Change management is a scientific approach to managing all changes made to a product or system. The aim is to make sure that no unnecessary changes are made, all changes are documented, services should not unnecessarily disrupted and resources are used efficiently. Within data technology (IT), change control is a part of change management.
The change control process is usually carried out as a sequence of steps proceeding from the submission of a change request. Typical IT change requests include the addition of options to software applications, the installation of patches and upgrades to network equipment or systems.
What is the process of change management?
Here’s an instance of a six-step process for a software change request:
Documenting the change request. The client’s change request or proposal is categorized and recorded alongside with informal assessments of the significance of that change and the difficulty of implementing it.
Formal assessment. This step evaluates the justification for the change and the risks and benefits of making or not making the change. If the change request is accepted, a development crew will be assigned. If the change request is rejected, that’s documented and communicated to the client.
Planning. The team responsible for the change creates a detailed plan for its design and implementation, as well as for rolling back the change should it be deemed unsuccessful.
Designing and testing. The team designs the program for the software change and tests it. If the change is deemed successful, the team requests approval and an implementation date.
Implementation and review. The staff implements the program and stakeholders evaluate the change.
Final assessment. If the client is satisfied with the implementation of the change, the change request is closed. If the client is just not satisfied, the project is reassessed and steps may be repeated.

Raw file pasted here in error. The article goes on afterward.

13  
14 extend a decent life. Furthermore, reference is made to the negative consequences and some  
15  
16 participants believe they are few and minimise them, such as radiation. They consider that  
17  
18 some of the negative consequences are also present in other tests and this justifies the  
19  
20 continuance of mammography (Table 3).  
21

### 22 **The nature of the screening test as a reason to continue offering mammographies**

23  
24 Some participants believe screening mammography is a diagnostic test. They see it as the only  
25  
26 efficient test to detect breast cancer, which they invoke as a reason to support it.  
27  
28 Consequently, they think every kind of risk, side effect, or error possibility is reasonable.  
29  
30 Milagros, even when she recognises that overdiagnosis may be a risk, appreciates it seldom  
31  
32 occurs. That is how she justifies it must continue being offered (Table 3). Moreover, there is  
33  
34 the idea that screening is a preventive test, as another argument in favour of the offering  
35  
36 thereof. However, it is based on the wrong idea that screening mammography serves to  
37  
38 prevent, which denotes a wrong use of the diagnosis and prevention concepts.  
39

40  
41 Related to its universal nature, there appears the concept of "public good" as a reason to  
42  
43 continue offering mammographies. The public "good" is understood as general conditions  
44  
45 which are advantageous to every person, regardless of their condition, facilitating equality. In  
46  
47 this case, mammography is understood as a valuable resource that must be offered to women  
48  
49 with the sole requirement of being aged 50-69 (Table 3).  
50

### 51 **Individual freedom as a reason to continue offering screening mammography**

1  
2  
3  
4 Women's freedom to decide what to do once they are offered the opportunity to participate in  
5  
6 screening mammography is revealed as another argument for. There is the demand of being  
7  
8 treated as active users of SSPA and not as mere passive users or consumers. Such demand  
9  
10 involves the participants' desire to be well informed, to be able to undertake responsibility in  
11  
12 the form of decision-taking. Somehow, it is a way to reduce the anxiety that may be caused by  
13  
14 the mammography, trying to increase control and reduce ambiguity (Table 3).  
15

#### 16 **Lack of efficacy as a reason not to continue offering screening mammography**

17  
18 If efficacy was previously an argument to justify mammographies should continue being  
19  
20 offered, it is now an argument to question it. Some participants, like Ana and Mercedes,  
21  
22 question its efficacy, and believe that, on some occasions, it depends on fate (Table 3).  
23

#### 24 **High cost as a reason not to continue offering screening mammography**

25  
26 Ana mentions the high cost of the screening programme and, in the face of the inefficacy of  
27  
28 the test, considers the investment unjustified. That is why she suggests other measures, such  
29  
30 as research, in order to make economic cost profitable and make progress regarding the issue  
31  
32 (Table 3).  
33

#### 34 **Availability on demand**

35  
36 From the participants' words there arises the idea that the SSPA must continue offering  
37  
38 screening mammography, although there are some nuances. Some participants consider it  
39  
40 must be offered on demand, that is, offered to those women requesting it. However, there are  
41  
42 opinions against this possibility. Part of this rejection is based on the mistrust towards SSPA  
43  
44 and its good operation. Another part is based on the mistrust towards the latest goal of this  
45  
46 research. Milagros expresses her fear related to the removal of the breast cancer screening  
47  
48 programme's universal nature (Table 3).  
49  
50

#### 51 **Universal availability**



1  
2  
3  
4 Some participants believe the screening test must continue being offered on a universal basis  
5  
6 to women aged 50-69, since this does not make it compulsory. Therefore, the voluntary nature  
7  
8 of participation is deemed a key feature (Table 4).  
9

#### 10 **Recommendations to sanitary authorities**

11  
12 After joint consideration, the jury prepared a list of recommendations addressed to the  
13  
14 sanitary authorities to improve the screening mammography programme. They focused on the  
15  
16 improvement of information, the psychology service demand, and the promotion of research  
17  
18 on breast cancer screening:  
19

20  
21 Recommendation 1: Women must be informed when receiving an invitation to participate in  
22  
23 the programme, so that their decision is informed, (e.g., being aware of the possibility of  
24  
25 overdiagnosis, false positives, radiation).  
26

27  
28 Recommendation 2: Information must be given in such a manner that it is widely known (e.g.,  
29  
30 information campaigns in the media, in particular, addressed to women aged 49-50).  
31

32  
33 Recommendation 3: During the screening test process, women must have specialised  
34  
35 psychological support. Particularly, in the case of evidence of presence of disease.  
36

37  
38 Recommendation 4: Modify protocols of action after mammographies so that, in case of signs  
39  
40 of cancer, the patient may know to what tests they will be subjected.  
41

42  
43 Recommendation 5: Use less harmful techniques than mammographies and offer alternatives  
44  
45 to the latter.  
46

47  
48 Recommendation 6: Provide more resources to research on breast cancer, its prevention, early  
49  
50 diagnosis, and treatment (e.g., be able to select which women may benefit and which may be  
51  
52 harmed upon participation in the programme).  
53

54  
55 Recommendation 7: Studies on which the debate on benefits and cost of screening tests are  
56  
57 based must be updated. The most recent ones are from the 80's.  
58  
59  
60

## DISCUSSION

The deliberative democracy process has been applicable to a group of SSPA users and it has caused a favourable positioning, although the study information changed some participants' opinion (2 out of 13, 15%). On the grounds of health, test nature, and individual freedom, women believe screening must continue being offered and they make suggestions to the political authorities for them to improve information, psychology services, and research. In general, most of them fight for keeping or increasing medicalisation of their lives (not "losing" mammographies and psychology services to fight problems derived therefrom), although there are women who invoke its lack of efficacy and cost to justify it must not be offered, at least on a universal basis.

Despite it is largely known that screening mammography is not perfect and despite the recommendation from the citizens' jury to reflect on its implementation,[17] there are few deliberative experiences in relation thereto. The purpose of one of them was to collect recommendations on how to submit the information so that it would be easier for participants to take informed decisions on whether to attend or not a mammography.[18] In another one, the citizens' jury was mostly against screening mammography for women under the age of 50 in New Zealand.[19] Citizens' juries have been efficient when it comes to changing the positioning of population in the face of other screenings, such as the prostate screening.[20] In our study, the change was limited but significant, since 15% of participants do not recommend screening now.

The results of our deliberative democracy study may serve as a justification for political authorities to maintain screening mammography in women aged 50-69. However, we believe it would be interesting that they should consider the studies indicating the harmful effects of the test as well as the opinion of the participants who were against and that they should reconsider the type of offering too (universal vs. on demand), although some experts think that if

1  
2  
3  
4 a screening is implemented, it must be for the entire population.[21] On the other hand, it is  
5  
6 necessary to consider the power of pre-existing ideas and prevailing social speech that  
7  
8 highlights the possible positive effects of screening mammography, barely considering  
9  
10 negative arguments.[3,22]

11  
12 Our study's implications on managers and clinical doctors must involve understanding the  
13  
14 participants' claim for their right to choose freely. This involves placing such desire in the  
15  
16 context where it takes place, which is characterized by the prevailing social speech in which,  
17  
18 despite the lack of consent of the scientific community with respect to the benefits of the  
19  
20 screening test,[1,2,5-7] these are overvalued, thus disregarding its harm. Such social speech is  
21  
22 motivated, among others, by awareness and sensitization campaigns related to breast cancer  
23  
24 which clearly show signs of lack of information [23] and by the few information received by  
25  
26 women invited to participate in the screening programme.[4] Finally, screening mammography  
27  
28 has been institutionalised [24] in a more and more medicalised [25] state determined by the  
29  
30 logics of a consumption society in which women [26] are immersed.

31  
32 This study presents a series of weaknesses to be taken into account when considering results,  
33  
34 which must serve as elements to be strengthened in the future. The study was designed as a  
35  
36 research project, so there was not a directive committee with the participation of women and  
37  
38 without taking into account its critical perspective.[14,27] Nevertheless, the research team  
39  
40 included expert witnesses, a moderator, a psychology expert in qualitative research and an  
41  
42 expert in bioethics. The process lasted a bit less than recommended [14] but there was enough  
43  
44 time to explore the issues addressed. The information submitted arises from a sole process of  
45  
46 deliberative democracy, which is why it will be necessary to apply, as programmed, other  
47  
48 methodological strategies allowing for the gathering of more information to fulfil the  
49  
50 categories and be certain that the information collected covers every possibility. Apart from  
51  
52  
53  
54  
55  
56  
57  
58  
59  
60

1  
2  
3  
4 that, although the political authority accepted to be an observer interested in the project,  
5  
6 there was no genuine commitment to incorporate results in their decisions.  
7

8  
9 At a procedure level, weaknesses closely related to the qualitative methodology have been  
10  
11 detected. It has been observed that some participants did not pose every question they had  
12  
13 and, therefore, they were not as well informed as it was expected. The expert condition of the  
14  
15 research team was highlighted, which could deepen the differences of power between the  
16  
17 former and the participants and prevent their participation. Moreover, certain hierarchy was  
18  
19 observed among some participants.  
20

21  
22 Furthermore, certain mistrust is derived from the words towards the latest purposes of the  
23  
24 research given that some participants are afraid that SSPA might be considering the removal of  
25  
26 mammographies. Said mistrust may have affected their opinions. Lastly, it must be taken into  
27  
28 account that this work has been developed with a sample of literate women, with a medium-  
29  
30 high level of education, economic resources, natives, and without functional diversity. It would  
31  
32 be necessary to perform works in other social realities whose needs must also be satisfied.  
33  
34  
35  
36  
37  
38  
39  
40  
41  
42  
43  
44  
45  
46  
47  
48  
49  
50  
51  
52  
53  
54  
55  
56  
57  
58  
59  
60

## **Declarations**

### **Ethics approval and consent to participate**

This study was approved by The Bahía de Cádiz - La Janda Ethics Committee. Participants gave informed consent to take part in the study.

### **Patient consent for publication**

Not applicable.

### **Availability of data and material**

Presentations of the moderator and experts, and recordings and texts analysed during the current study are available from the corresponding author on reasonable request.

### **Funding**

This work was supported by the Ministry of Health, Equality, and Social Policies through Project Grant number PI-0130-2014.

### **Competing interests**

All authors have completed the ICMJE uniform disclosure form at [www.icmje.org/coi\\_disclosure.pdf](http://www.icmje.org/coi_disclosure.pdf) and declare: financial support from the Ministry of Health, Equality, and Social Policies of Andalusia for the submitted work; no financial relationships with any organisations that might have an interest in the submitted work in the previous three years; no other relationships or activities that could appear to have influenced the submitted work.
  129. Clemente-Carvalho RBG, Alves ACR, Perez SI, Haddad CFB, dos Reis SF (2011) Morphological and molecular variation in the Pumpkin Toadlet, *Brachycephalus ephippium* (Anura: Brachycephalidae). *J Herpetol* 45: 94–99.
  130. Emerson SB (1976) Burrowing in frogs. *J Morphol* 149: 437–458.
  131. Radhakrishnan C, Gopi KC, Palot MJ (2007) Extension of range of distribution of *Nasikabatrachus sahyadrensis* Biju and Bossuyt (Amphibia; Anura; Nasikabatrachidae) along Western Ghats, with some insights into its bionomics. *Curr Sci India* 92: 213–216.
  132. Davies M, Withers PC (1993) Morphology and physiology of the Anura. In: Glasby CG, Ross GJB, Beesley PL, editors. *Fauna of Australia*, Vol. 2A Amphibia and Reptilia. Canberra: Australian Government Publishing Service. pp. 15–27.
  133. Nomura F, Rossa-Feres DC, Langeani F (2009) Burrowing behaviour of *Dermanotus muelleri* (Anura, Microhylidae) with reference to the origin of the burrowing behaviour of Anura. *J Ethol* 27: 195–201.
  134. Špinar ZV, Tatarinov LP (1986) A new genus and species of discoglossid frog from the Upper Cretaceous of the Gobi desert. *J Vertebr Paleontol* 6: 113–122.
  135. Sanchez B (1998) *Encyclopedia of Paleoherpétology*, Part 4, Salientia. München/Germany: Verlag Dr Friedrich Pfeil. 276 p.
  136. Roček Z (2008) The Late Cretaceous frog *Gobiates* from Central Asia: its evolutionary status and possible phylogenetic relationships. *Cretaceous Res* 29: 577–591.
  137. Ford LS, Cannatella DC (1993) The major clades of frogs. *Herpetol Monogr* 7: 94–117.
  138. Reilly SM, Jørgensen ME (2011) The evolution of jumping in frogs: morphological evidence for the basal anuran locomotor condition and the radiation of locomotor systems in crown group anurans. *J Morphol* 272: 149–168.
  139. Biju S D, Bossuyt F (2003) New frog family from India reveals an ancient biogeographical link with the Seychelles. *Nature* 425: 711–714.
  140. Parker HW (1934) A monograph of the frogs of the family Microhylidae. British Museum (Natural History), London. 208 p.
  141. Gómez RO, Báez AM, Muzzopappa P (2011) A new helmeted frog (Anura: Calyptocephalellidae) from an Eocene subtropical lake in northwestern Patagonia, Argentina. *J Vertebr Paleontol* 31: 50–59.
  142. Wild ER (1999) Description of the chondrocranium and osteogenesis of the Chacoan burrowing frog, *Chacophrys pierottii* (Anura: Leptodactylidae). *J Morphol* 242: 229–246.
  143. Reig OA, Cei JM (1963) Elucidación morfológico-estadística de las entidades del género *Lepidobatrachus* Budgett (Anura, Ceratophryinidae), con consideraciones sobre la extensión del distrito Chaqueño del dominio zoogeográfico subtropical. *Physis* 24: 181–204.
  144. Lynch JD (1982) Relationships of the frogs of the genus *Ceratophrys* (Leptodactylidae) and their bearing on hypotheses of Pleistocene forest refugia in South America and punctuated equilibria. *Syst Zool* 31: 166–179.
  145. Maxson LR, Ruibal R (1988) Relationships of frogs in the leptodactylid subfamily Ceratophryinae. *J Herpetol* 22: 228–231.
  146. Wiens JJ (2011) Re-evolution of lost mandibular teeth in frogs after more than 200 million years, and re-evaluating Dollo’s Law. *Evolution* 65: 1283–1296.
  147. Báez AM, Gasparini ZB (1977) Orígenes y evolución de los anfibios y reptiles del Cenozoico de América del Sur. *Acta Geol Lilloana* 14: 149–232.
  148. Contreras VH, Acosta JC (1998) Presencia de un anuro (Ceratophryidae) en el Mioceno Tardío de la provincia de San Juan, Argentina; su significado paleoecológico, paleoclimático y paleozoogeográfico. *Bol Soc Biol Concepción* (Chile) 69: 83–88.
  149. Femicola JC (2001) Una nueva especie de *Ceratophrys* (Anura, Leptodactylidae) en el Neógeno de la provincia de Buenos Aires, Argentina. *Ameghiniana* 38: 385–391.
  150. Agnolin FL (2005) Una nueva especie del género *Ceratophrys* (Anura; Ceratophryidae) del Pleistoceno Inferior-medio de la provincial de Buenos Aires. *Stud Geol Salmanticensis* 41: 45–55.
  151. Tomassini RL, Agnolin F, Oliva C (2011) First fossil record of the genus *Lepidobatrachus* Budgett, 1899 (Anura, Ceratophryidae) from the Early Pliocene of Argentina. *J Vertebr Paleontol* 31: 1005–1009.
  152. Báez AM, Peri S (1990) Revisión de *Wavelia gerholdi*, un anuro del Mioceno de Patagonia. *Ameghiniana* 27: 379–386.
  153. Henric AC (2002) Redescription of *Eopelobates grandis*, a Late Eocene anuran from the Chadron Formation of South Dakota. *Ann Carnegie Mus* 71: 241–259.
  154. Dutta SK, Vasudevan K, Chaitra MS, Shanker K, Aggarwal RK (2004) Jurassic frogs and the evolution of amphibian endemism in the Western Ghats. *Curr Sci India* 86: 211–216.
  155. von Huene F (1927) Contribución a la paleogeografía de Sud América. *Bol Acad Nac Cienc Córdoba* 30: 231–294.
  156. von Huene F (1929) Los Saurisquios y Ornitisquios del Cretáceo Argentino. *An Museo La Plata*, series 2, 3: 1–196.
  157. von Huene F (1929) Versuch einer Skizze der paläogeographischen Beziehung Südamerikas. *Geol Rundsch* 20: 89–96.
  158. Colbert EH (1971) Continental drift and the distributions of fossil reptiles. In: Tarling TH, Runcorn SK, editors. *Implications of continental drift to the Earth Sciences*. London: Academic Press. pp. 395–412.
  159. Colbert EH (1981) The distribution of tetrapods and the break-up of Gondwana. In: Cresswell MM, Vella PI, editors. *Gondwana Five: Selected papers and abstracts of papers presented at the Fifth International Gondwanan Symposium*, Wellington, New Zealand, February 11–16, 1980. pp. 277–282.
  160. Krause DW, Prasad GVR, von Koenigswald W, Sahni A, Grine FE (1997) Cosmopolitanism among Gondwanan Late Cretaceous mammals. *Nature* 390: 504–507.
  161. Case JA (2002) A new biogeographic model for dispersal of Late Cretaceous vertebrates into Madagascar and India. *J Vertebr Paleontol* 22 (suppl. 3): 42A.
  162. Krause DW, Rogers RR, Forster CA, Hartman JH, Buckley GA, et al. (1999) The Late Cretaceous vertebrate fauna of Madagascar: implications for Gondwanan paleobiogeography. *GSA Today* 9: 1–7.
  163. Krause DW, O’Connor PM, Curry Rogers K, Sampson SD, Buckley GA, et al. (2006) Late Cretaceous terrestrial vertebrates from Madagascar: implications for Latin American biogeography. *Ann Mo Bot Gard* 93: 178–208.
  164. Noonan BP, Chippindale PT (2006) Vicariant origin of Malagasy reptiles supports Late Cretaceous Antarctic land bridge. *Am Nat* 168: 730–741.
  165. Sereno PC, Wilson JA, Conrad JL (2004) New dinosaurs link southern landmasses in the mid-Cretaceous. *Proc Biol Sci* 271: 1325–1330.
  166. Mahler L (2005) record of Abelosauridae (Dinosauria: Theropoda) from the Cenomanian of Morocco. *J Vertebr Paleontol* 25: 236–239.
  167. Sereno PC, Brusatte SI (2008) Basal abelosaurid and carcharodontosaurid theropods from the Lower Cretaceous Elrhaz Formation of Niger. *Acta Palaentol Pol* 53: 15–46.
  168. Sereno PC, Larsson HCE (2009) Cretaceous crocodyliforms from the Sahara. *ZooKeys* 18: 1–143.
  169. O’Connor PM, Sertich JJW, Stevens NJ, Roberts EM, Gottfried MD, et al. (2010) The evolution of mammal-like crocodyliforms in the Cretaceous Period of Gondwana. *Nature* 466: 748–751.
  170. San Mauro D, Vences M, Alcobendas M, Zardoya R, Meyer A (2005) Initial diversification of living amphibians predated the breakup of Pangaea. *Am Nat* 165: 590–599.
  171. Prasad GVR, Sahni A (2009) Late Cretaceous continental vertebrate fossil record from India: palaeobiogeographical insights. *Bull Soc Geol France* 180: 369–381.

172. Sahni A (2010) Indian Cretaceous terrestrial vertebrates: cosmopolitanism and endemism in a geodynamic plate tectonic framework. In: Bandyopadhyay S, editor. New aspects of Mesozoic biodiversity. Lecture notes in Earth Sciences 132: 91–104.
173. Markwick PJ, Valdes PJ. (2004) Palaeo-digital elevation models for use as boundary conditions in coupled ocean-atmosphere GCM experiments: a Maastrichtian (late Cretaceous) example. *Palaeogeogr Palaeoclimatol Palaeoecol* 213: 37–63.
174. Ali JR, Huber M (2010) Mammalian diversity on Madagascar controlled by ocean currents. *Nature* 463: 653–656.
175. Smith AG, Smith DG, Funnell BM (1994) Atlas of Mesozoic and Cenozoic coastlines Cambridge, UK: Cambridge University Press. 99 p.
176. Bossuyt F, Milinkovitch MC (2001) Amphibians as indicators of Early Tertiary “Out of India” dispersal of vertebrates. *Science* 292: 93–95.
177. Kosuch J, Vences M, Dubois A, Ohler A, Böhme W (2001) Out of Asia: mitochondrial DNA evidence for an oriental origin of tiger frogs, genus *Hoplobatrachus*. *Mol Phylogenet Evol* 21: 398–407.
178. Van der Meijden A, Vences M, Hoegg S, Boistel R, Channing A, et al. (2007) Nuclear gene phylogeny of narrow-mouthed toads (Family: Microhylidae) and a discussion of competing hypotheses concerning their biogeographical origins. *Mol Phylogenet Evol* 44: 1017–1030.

Change management in project administration
Change management is a vital part of project administration in IT and non-IT areas — together with manufacturing and prescribed drugs — and could be a formal or casual process. Project managers study change requests to determine their potential impact on the project or system as a whole. Efficient change management processes are critical for incorporating necessary adjustments, while ensuring they do not disrupt other project activities or delay progress. Every potential change must be evaluated in relation to its potential impact on the next:
scope of the project;
schedule of progress and milestones;
costs of additional labor and other resource necessities;
quality of the finished project, as excessive quantities of work can lead to rushed work, leading to a higher likelihood of defects;
human resources, as change requests may require additional labor or specialized skills;
risk, as even minor modifications can have a domino effect on the project leading to potential logistical, financial or security risks;
procurement of supplies, labor, skills and different vital project resources; and
stakeholders — together with project managers, executives, firm owners, staff members or investors — who might voice their help or push back on a project.
Benefits of change control
Efficient change control can provide the next potential benefits for projects in any business:
better price and risk avoidance;
lower risk associated with every individual change;
reduced period of time needed for changes;
changes will be factored in with less disruption to project schedule, as requests will be considered and managed around the project timeline; and
project managers will be told about change needs within the planning part and have time to consider doable courses of action.
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